“Give me understanding, O Lord, and assist my endeavors, that I may faithfully and diligently perform the works of my vocation, to the glory of your name, the edification of your church, and the commodity of my neighbor.”

Hemmingsen was a significant Danish theologian in the sixteenth century, and a selection of his work on natural law is scheduled to appear in the forthcoming Fall issue of the Journal of Markets & Morality. Subscribe today to get your copy when it becomes available.

Contrary to current policy, this is not reality.

Last Saturday The Imaginative Conservative published my essay, “Let’s Get Back to Robbing Peter: The Welfare State and Demographic Decline.”

To add to what I say there, it should be a far more pressing concern to conscientious citizens that the US national debt has risen from $13 trillion in 2010 to nearly $18 trillion today. That is an increase of $5 trillion in just four years, or a nearly 40 percent increase. It is becoming more and more clear that, at our current rate, our nation’s entitlement programs represent the injustice that people today feel entitled to spend the tax dollars of tomorrow on benefits that we cannot realistically continue to afford. John Barnes wrote in 2010 that “the total value of all debt and unfunded promises made by the U.S. government is $61.9 trillion over the next 75 years.” I don’t know how much that figure has changed in the last four years, but I doubt it has shrunk, to put it lightly.

As any student of the Old Testament should know, God is very concerned about each generation leaving a proper inheritance to the next (cf. Numbers 27:8-11). No doubt many readers in their private lives have made provisions for their children after they pass. But as a nation, we are doing the reverse: paying for our provision today with the resources of tomorrow.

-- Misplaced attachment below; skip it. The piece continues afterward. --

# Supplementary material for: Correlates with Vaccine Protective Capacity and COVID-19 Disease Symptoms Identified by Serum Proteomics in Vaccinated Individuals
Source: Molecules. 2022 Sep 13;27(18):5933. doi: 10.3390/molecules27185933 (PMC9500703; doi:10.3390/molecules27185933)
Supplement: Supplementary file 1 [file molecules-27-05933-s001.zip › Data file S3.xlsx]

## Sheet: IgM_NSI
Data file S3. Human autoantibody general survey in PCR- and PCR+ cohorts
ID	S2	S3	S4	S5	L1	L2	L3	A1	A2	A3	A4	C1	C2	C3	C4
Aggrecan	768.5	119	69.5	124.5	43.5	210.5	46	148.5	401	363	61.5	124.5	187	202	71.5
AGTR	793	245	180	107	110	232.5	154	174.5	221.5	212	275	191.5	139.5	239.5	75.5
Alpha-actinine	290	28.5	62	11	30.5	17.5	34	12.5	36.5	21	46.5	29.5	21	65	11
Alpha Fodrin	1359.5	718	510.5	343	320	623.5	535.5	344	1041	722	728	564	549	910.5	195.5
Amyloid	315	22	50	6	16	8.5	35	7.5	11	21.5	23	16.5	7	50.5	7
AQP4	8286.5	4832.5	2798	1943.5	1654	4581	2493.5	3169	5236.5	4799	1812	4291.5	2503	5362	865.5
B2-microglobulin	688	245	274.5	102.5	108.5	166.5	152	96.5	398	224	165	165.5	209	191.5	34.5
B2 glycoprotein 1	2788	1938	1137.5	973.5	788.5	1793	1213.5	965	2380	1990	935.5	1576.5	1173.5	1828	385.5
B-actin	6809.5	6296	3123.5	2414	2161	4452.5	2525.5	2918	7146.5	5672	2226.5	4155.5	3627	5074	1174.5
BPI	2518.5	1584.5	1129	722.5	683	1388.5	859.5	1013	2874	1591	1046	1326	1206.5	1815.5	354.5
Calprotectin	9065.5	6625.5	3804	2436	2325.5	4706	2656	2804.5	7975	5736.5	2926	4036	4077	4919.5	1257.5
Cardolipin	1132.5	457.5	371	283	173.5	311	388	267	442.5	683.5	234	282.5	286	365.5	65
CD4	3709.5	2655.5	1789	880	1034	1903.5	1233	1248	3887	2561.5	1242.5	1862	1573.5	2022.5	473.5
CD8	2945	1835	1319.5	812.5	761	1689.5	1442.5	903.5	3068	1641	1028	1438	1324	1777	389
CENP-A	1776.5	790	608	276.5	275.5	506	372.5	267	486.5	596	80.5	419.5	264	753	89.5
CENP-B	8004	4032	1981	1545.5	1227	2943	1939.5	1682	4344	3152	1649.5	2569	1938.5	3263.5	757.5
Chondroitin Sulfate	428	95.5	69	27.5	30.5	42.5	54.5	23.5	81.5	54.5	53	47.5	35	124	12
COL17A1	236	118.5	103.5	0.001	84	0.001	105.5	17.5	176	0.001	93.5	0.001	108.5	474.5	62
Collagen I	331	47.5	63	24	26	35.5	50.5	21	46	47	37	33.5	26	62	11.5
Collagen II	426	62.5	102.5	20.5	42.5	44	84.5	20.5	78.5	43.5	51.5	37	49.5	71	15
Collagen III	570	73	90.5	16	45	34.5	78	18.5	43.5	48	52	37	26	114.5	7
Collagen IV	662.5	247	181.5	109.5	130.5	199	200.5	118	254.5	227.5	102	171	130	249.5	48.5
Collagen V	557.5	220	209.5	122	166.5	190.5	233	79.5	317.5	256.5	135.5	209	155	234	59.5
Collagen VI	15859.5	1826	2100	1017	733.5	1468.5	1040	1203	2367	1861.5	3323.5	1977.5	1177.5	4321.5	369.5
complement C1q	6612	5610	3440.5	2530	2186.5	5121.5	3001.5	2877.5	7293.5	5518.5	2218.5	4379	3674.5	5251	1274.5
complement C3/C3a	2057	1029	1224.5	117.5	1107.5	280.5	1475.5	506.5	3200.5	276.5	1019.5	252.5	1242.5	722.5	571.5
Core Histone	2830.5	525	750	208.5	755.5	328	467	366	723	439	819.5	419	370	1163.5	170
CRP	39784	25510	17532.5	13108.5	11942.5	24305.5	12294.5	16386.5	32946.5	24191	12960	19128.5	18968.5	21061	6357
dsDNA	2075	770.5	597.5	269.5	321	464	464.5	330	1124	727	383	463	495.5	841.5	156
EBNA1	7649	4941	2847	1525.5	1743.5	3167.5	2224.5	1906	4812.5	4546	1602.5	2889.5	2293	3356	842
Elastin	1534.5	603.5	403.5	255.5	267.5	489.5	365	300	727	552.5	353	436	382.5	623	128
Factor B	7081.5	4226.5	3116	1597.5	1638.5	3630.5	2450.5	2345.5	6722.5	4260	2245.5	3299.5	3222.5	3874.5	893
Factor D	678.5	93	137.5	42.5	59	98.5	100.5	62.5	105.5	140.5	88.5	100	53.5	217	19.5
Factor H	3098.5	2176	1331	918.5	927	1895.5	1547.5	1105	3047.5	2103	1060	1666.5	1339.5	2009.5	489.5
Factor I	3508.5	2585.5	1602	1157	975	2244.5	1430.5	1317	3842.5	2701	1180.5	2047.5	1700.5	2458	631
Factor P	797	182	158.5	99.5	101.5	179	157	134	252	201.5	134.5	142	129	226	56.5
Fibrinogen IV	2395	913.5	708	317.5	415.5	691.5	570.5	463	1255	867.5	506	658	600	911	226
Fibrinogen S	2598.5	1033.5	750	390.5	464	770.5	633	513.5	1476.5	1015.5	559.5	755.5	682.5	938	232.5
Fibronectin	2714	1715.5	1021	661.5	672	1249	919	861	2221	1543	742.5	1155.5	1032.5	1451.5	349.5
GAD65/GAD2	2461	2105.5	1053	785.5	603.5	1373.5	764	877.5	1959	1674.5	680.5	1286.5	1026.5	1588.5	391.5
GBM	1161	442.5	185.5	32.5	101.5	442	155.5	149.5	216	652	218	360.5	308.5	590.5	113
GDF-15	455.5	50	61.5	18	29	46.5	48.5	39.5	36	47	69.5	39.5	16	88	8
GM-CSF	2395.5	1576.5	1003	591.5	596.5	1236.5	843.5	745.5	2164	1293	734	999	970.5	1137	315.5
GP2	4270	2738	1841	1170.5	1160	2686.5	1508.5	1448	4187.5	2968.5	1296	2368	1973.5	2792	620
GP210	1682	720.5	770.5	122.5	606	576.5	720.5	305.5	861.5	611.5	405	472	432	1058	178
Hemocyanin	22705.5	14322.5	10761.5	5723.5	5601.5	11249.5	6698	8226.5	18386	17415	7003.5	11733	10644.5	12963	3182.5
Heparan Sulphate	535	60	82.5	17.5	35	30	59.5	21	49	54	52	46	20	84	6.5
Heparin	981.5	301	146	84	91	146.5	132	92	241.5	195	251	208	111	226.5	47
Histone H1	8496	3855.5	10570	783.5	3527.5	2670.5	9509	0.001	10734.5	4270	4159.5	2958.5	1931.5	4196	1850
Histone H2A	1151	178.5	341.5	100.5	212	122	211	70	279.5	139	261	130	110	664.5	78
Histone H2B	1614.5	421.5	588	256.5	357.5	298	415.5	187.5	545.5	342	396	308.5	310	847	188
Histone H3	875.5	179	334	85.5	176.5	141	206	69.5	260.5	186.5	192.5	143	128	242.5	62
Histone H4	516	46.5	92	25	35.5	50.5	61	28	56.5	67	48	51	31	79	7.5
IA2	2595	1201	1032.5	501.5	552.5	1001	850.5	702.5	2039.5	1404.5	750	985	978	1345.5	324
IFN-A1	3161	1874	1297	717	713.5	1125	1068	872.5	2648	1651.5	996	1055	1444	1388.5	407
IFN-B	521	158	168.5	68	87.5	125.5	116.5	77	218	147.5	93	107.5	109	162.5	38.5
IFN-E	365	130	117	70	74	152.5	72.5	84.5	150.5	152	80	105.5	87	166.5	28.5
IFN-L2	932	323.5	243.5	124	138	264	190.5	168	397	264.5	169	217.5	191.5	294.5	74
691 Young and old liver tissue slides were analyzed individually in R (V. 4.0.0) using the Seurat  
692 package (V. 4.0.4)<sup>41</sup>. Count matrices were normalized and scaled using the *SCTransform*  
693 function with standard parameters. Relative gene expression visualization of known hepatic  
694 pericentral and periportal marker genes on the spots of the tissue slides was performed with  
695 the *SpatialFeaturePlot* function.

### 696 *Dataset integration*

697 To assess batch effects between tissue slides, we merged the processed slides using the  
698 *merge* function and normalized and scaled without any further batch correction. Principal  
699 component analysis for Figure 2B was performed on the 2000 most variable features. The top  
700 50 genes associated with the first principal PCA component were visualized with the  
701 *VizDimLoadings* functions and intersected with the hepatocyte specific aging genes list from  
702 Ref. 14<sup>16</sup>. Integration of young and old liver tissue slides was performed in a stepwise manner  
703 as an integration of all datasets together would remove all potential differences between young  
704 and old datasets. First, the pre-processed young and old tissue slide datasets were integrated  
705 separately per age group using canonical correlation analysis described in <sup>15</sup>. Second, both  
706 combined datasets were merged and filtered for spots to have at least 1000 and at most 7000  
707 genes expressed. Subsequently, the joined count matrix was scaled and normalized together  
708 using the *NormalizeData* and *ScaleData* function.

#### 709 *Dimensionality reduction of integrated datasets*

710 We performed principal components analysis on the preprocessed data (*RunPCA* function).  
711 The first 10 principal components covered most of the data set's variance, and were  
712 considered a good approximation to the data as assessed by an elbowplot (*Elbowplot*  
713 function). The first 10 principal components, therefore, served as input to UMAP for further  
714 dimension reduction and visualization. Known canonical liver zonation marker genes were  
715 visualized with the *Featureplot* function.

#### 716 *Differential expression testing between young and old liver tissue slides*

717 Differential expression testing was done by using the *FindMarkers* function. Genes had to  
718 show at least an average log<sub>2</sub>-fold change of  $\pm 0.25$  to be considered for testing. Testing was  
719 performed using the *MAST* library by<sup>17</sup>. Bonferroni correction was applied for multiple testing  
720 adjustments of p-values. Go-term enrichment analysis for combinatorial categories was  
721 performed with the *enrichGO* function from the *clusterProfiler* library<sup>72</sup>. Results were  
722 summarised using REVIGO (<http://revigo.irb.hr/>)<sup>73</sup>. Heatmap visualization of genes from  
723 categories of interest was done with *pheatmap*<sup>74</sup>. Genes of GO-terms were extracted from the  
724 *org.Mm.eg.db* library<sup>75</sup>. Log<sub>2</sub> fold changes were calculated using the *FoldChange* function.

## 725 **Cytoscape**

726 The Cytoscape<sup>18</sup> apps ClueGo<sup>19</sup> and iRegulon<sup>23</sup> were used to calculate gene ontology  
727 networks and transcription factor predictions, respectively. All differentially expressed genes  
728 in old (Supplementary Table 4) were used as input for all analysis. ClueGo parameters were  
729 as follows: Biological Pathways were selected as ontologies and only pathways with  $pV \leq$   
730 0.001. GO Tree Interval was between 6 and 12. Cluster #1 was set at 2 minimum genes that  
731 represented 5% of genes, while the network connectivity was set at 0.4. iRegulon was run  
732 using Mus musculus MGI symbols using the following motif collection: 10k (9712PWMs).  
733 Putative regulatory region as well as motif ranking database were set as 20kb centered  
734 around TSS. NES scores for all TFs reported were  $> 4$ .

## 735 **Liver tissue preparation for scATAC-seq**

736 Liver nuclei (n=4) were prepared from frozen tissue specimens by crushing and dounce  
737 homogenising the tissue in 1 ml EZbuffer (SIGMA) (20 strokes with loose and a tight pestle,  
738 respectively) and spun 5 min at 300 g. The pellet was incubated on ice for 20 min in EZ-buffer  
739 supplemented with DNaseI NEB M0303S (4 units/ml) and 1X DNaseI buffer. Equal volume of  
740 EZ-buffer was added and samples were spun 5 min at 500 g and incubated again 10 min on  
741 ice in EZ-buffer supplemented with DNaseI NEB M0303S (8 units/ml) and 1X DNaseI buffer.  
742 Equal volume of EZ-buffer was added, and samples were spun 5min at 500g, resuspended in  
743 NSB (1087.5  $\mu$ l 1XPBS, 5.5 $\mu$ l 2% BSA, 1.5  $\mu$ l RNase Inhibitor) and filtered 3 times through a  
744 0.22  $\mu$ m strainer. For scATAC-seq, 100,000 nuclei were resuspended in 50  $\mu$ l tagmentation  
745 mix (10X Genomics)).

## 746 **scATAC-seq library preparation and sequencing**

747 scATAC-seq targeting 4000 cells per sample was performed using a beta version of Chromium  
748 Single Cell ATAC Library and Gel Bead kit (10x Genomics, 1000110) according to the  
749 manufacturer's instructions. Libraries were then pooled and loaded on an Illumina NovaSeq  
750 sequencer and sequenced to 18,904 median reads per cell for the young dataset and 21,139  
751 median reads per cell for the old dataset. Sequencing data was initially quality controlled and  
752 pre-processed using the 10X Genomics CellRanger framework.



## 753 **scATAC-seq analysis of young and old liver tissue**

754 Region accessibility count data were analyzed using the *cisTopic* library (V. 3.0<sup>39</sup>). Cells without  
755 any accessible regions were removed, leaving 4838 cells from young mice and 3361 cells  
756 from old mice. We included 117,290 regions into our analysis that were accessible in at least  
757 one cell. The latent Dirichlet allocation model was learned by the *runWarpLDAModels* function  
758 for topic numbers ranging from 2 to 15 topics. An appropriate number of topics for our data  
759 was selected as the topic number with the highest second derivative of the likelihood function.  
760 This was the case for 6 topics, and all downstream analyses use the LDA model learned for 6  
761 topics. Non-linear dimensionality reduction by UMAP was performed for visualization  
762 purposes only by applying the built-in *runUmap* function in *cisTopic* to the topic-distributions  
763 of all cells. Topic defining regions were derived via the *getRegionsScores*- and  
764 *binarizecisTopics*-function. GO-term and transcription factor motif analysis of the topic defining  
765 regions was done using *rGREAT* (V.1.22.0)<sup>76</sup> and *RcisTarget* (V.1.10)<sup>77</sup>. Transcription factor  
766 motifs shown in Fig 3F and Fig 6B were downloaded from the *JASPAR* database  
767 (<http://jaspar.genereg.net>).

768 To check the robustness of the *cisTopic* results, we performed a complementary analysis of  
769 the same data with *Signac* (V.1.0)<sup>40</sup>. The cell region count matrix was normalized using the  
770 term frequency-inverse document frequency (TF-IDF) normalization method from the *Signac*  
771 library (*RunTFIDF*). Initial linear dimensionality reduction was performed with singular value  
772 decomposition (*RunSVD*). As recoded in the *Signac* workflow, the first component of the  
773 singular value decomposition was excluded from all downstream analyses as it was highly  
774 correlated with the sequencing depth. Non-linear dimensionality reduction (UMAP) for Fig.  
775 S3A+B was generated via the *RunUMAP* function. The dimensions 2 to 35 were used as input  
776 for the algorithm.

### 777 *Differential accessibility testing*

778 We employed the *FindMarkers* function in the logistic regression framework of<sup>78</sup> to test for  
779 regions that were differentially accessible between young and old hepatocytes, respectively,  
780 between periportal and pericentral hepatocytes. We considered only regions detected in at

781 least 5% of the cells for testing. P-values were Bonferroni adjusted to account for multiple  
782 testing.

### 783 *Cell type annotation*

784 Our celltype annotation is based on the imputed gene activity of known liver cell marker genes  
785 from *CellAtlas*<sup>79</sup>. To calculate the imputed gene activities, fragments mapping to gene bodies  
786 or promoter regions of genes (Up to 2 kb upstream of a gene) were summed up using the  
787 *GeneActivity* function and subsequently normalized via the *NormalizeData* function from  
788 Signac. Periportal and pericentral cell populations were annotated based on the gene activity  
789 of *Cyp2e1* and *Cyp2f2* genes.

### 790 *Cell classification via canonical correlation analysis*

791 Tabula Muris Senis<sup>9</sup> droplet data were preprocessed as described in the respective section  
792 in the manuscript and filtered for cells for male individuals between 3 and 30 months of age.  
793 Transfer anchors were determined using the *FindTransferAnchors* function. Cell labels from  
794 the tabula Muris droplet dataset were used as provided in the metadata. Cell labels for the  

I write,

The German economist Wilhelm Röpke, commenting on the expansion of European welfare states in 1958, wrote, “To let someone else foot the bill is, in fact, the general characteristic of the welfare state and, on closer inspection, its very essence.” While he did not argue that, therefore, such state assistance should in all cases be stopped, he put the question in sober terms: “[T]he welfare state is an evil the same as each and every restriction of freedom. The only question on which opinions may still differ is whether and to what extent it is a necessary evil.”

In the interest of carrying on that same sobriety of analysis, I believe the picture is far bleaker today. Röpke, in the title to the essay quoted, characterized the welfare state as “robbing Peter to pay Paul.” But Sts. Peter and Paul were contemporaries. If only we would simply rob our peers! Then we could have a lively discussion regarding “whether and to what extent” such robbery is “a necessary evil.” Instead, it is our children and grandchildren who must “foot the bill.” Yet on our current course, when the time comes to pay up there will be much less welfare available to them.